the safety of the road to avert all Indian war. The latter appears to me an inevitable consequence of the license of plunder and immunity from the consequence which results from the absence of mounted troops from the plains. Evil-disposed white men are driving a brisk trade in whisky with the tribes above mentioned; this, and this alone, is the reason of their continued presence upon the road, and none but mounted men continually patrolling the roads between the Little Arkansas and Walnut Creek can break up the business. The Kaw Indians, who are employed as the "go-betweens" in this abominable traffic, it is respectfully suggested, should be confined to their reservation, or at the least a council should be held for the purpose of telling them that their appearance upon the Santa Fe road within 10 miles east from Lost Spring or within a day's march north or south of the road beyond that point or across the Smoky Hill wounded hereafter be considered as an act of hostility and the signal for attacking them on their reservation, The Kaws are partially civilized and wholly degraded, and their inter course with the prairie tribes is vitiating in the extreme and should be prevented, when if in doing so it should become necessary to cut into them as a moral ulcer in the body politic. The range of the Kiowas and Comanches lies south of the Arkansas and in texas. The latter tribe has not as yet made its appearance, but will probably be on the Arkansas some time in July, following the trail of the buffalo in their northern migration. Of the former, all the bands but that of Setapy are now encamped between Cow and Walnut Creeks. This is a turbulent and warlike tribe, who have not as yet been broken by the power of the Government. Their chiefs told me some time since that runners has been sent to them urging them to attack the trains upon the Santa Fe road, but this they all professed to be very much opposed to, believing a strict neutrality to be their best policy. I need hardly say, however, that their influence with their people is very trifling and their control purely nominal. I am told by travels recently over that portion of the road that the Indians are very earnest in their inquiries as to whether the troops of whose contemplated movements they have heard are surely coming, and if they "are mad," or, in the other words, if their own exactions and annoyances to the travel of the road had excited the anger of those in authority,or if, on the contrary, no notice was taken of their acts.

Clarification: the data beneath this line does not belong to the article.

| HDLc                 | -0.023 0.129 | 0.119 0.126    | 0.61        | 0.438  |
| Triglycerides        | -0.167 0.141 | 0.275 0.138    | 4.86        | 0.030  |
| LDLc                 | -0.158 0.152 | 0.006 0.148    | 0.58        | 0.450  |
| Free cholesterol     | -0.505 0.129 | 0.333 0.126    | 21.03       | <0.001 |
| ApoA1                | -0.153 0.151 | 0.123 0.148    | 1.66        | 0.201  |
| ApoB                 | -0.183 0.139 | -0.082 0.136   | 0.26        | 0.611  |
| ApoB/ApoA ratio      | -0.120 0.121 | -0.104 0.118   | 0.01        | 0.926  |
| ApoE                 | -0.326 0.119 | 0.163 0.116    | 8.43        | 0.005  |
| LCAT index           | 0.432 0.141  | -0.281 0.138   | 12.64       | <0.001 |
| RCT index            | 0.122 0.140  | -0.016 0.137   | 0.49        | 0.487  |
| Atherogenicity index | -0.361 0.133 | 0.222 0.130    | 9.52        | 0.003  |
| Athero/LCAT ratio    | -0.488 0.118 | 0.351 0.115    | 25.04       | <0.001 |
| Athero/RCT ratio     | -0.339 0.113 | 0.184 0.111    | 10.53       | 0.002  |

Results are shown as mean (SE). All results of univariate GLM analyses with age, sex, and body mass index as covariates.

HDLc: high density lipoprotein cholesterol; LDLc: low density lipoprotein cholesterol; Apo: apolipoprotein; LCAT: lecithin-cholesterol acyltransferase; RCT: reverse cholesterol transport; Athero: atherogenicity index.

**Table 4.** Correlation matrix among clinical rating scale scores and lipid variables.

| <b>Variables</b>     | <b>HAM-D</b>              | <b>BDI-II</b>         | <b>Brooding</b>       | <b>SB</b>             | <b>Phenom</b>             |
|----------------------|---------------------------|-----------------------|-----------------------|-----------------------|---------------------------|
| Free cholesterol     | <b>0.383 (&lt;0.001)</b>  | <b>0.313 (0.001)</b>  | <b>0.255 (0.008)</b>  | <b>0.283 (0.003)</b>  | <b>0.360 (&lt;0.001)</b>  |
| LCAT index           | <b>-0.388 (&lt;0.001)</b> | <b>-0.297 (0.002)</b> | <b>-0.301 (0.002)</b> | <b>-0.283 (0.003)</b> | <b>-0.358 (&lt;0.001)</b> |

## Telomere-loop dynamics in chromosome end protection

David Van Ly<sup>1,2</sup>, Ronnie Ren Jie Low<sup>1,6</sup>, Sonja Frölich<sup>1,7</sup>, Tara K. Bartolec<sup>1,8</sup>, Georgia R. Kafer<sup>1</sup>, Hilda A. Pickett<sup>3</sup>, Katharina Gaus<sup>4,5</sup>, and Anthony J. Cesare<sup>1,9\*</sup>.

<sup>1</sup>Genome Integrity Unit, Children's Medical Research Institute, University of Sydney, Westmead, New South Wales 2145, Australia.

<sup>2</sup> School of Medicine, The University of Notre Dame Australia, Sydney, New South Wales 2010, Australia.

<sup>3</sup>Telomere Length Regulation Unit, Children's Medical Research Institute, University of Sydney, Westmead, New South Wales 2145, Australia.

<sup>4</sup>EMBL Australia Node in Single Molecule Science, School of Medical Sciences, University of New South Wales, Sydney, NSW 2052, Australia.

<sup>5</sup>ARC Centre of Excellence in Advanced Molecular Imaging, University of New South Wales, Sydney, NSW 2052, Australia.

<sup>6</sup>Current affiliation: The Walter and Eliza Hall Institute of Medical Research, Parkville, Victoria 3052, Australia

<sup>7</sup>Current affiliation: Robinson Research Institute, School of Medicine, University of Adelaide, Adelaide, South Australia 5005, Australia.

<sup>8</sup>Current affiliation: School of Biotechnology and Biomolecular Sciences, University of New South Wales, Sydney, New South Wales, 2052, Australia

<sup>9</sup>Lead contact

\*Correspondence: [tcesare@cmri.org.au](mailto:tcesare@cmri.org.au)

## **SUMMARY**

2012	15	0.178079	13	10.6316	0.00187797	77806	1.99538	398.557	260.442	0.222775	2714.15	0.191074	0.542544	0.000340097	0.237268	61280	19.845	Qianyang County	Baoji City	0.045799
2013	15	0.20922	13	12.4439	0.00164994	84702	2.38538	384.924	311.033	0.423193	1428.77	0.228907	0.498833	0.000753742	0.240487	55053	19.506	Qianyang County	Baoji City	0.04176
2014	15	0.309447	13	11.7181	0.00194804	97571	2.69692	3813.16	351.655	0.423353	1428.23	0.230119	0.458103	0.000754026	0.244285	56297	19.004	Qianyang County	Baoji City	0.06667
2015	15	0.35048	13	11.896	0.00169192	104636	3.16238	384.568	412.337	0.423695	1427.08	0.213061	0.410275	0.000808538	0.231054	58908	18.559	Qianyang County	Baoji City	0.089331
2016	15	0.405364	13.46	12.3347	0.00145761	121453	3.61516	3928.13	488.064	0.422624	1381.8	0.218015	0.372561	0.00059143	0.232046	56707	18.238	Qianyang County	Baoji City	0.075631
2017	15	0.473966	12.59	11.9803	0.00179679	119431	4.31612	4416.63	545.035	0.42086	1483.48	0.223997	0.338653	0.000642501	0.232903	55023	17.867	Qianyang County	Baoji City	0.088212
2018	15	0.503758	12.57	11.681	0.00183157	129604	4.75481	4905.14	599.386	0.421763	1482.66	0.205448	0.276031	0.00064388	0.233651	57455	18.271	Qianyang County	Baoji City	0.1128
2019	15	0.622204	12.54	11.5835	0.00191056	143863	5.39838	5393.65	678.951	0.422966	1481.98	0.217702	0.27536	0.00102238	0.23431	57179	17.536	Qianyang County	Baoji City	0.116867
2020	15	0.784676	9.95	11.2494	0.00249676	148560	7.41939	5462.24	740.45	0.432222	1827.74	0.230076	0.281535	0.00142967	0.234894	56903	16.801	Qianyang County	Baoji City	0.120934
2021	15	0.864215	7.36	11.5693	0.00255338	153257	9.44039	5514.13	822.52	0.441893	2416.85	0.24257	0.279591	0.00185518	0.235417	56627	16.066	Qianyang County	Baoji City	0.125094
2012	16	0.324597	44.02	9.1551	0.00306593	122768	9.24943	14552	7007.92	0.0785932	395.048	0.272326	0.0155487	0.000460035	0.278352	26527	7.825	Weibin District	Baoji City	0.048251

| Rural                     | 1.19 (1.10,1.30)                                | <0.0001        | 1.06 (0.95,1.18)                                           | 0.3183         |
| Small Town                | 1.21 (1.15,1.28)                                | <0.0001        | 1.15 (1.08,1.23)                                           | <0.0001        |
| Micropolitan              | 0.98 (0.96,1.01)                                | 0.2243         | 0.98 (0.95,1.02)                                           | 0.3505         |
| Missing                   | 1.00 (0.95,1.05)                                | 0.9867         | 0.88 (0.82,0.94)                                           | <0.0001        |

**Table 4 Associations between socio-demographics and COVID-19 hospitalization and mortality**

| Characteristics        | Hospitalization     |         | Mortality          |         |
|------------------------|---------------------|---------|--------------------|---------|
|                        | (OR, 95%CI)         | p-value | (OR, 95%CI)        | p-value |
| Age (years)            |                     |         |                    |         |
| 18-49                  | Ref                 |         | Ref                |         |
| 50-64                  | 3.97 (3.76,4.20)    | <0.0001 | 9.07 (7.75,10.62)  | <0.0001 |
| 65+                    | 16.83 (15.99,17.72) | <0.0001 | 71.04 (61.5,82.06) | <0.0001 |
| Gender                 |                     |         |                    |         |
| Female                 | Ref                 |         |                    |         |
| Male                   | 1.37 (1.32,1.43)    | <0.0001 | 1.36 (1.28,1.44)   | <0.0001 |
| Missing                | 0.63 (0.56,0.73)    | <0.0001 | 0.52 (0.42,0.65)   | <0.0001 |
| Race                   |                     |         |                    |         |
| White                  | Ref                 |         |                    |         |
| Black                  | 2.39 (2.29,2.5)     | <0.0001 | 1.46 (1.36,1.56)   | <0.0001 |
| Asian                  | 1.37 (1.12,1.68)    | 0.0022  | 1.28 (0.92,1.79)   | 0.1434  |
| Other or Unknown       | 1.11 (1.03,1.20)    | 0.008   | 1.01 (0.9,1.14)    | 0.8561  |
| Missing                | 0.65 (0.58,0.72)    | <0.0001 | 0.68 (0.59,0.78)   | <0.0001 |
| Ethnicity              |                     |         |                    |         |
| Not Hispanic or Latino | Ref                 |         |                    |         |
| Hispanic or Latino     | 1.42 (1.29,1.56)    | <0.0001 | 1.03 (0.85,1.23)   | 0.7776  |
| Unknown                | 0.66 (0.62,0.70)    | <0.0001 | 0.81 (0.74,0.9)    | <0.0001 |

An Indian has no more appreciation of forbearance and long suffering that a little child, and though readily controlled by firmness and a reasonable show of force, yet the absence of the latter will ever be taken as an immunity to do evil, and he will proceeded from bad to worse in the ratio of his freedom from domination until and expedition against his becomes a sad necessity, thereby entailing an expenditure of thousand of dollars, where all might have been avoided had only timely notice been taken of his irregularities. I have been told that there are mounted regiments at Forty Riley destined for New Mexico, together with a battery of artillery.
May I be permitted to suggest that a show of this force on the road, though it came no farther then Pawnee Fork and then returned to Forth Riley, would have a most beneficial effect, and I desire to add that the presence of a company of mounted men on the Santa Fe road, drawing supplies from this post, under the command of a discreet officer, would thereafter be the only force recognized to maintain order until late in the fall, when they might be ordered into winter quarters at Fort Riley. Fort this service I would respectfully recommend Lieutenant [F. W.] Schaurte, commanding Captain Clarke's company of Kansas cavalry, as